U.S. President Donald Trump rattled financial markets on Thursday when he announced tariffs of 25 percent on steel and 10 percent on aluminium, making good on his ‘American First’ campaign promise to bring jobs in coal, steel and other 19th-century industries back to the United States.
For the rest of the world, this was a shot across the bow. Not only is the president potentially risking trade wars, which he claimed in a tweet were “good for the United States,” these measures are also likely to trigger inflation and severely disrupt supply chains in many industries, Reuters said.
So how will this impact the Middle East?
The United Arab Emirates is the third largest aluminium exporter to the U.S. after Canada and Russia, and the UAE’s Emirates Global Aluminium (EGA) is the third-largest producer of primary aluminium outside China.
However, the company said on Sunday it was "well prepared" for any market conditions should Trump go ahead with his tariff plans.
"Alongside Europe, Asia and the United Arab Emirates, the U.S. is an important market for EGA," the company's spokesman told Reuters. "We are well prepared for whatever market conditions may arise," he added. (Read the full story here)
China, Dubai’s number one external trade partner since 2014, is one of the prime targets of Trump’s plan, with his trade representative Wilbur Ross complaining last week about Chinese steel and aluminum overcapacity and low prices.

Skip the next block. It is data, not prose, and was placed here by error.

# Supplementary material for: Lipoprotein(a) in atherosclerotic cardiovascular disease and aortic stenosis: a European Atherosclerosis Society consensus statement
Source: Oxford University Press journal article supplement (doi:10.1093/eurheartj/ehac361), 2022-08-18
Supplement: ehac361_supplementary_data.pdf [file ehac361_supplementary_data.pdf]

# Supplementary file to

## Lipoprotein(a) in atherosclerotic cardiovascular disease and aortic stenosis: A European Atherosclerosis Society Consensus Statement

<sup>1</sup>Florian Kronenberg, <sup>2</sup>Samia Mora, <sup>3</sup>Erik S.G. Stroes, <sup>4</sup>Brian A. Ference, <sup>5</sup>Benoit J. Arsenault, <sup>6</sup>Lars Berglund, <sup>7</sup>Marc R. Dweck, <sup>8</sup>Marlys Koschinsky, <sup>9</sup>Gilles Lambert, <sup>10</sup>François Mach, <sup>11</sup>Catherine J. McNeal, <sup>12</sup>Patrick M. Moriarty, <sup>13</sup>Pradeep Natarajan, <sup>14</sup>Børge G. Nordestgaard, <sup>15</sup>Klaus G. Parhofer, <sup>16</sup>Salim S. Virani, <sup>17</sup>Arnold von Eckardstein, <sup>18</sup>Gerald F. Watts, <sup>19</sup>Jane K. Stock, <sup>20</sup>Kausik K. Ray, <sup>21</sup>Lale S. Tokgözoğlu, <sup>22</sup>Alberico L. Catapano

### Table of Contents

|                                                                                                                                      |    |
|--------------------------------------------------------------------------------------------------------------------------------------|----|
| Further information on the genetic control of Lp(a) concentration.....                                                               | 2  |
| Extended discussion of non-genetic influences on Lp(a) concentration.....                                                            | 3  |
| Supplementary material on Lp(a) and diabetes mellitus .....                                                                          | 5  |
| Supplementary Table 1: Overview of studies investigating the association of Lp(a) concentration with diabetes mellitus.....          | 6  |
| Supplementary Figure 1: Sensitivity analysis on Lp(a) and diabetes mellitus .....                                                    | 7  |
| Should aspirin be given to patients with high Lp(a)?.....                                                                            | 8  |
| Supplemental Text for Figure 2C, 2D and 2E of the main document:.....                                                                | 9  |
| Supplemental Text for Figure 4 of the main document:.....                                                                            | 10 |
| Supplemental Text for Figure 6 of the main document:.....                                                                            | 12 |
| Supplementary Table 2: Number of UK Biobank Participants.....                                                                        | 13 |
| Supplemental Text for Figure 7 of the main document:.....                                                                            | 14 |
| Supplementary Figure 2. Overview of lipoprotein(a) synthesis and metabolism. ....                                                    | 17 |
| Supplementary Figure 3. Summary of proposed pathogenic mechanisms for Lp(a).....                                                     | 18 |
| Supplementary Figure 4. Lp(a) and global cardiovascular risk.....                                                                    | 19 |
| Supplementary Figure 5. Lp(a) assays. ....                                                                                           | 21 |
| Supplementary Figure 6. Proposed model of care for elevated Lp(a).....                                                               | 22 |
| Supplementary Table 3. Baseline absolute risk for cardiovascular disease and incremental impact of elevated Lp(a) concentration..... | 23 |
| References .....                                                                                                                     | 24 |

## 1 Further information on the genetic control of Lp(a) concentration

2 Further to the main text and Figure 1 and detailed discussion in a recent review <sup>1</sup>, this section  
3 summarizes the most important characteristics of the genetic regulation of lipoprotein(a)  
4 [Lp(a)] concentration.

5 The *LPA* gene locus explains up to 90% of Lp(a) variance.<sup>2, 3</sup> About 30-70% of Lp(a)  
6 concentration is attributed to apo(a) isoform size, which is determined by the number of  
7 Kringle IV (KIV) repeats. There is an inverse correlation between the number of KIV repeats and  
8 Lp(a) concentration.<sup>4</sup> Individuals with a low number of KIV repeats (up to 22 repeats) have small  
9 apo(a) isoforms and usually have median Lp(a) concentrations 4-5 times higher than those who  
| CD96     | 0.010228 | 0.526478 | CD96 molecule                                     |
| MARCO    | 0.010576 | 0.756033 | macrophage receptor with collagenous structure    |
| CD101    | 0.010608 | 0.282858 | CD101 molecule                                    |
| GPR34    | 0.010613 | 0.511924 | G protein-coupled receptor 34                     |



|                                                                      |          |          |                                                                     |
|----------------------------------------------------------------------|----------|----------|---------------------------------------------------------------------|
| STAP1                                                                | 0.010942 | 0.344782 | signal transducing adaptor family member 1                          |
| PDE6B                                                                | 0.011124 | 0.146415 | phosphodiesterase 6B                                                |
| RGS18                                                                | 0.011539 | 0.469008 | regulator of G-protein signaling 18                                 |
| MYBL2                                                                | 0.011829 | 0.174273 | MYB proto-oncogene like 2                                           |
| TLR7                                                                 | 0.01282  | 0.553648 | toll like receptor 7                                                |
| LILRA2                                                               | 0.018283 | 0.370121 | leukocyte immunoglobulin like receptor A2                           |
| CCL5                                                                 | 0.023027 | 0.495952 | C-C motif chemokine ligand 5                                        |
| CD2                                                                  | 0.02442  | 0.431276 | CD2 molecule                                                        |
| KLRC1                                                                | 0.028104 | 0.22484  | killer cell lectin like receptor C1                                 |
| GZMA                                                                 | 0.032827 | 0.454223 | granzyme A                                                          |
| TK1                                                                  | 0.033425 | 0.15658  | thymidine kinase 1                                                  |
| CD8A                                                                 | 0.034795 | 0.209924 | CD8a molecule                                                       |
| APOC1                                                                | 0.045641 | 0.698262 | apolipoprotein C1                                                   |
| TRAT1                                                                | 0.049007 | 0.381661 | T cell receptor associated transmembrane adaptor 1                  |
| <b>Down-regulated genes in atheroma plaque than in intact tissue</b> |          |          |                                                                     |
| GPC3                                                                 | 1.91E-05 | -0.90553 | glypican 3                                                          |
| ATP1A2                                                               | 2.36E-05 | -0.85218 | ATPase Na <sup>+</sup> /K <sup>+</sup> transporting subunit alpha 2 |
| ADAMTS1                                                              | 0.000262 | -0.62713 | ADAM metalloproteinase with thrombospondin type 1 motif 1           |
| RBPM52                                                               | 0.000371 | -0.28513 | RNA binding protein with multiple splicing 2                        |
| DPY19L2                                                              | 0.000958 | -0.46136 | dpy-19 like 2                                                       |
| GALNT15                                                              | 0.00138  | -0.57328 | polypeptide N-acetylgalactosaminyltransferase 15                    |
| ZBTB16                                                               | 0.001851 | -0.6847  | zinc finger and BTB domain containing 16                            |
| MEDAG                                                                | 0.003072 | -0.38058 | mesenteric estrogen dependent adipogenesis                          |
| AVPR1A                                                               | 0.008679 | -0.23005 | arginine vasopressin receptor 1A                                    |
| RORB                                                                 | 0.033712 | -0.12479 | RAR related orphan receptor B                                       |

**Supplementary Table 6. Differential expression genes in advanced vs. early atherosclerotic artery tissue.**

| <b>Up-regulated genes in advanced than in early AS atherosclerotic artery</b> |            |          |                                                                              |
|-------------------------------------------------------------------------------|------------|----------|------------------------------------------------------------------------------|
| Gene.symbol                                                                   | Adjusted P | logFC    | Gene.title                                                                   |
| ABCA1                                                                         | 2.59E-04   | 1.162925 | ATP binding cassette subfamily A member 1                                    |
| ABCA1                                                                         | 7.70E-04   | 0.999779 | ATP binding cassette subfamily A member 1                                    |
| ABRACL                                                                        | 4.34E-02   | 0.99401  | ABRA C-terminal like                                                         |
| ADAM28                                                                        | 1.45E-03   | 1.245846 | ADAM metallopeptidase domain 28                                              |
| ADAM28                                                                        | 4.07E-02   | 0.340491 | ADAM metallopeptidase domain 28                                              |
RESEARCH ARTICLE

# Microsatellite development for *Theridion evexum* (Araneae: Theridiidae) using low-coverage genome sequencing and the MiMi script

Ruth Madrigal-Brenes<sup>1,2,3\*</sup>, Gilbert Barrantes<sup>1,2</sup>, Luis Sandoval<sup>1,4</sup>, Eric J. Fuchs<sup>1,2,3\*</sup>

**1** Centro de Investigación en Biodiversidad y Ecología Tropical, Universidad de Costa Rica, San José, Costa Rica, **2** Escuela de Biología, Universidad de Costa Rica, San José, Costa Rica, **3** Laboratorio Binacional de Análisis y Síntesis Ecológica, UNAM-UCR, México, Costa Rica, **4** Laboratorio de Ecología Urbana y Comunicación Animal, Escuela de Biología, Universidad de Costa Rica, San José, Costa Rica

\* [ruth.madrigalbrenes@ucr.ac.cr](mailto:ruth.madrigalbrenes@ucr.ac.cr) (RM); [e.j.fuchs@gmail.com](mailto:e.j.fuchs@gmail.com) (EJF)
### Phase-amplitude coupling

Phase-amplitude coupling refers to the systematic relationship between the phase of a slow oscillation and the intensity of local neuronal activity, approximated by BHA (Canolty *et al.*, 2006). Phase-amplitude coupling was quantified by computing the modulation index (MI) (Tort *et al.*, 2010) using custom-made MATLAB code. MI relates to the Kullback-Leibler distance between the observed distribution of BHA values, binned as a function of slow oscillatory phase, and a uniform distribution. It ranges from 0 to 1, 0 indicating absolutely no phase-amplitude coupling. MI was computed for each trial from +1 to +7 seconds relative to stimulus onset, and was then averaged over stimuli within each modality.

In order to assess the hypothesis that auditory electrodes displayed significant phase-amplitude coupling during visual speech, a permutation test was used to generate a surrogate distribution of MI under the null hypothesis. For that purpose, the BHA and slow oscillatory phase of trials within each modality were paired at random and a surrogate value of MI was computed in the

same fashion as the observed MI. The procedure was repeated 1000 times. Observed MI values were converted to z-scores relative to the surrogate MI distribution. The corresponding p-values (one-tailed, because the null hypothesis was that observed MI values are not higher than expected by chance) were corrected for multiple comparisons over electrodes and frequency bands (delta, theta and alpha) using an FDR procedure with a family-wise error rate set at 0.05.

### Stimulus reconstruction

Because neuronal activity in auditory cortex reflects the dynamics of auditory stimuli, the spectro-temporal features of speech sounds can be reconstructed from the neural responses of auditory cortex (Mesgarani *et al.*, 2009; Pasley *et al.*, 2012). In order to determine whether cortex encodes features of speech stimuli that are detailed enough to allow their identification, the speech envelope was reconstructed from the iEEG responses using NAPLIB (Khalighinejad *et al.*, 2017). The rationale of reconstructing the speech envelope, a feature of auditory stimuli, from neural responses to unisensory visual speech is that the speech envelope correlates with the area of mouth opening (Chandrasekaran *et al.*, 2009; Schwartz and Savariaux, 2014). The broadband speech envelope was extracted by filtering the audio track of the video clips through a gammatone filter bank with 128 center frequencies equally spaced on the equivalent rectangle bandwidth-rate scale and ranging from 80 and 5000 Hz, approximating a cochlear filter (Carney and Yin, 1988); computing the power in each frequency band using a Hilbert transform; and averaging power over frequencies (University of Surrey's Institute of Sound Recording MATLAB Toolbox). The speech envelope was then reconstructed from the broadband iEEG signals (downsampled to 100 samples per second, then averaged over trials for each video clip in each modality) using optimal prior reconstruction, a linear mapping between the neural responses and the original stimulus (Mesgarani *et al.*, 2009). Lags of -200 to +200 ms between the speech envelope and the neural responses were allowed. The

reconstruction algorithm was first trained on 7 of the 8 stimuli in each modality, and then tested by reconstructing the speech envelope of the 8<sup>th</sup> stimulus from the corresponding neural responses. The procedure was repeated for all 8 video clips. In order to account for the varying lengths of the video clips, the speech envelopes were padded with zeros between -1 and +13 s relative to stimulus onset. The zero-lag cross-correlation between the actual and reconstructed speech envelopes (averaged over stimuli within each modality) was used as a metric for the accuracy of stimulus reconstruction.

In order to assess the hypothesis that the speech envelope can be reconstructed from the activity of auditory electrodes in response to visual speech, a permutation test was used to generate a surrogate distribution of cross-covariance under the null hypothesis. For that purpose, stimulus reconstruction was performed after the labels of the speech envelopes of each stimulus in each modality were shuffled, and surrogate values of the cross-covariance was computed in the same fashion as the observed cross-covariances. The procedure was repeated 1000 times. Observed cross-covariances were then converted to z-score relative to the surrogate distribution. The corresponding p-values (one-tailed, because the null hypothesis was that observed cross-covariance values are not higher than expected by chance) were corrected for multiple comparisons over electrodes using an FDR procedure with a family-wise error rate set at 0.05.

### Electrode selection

However, China remains resilient and said it aims to expand its economy by around 6.5 percent this year, the same as in 2017. In remarks prepared for delivery at the opening of the annual meeting of parliament on Monday, Chinese Premier Li Keqiang said the Beijing government opposes protectionism and supports the settlement of trade disputes through negotiation, but will "resolutely safeguard" its legitimate rights and interest. (Read the full report here)
Many Gulf economies rely increasingly on growth in China and Japan. Asian oil consumption is crucial to Saudi Aramco and ADNOC, for example. In light of increased petroleum exports from the U.S., these markets will gain ever-greater importance, Reuters reported.
Saudi Arabia is embarking on an exciting and challenging plan to implement Vision 2030, which will depend on imports as well as exports. In other words, the GCC economies have every interest in a growing global economy to achieve their goals and dreams. They need a functioning global trading regime — just as much as Germany or Canada do.
On the back of the news from the U.S., gold prices were up on Monday as the dollar remained subdued on fears of a global trade war. The U.S. currency, which is pegged to the majority of Gulf currencies, slipped from its six-week high that it touched on March 1. "Any escalation of trade wars will significantly dent the U.S. dollar appeal, weigh negatively on U.S. assets such as bond and equities and make gold the go-to hedge against rising U.S. fiscal and political vulnerabilities," Stephen Innes, APAC trading head at OANDA, was quoted as saying by Reuters.
(Writing by Shane McGinley; Editing by Nada Al Rifai)
Our Standards: The Thomson Reuters Trust Principles
Disclaimer: This article is provided for informational purposes only. The content does not provide tax, legal or investment advice or opinion regarding the suitability, value or profitability of any particular security, portfolio or investment strategy. Read our full disclaimer policy here.
© ZAWYA 2018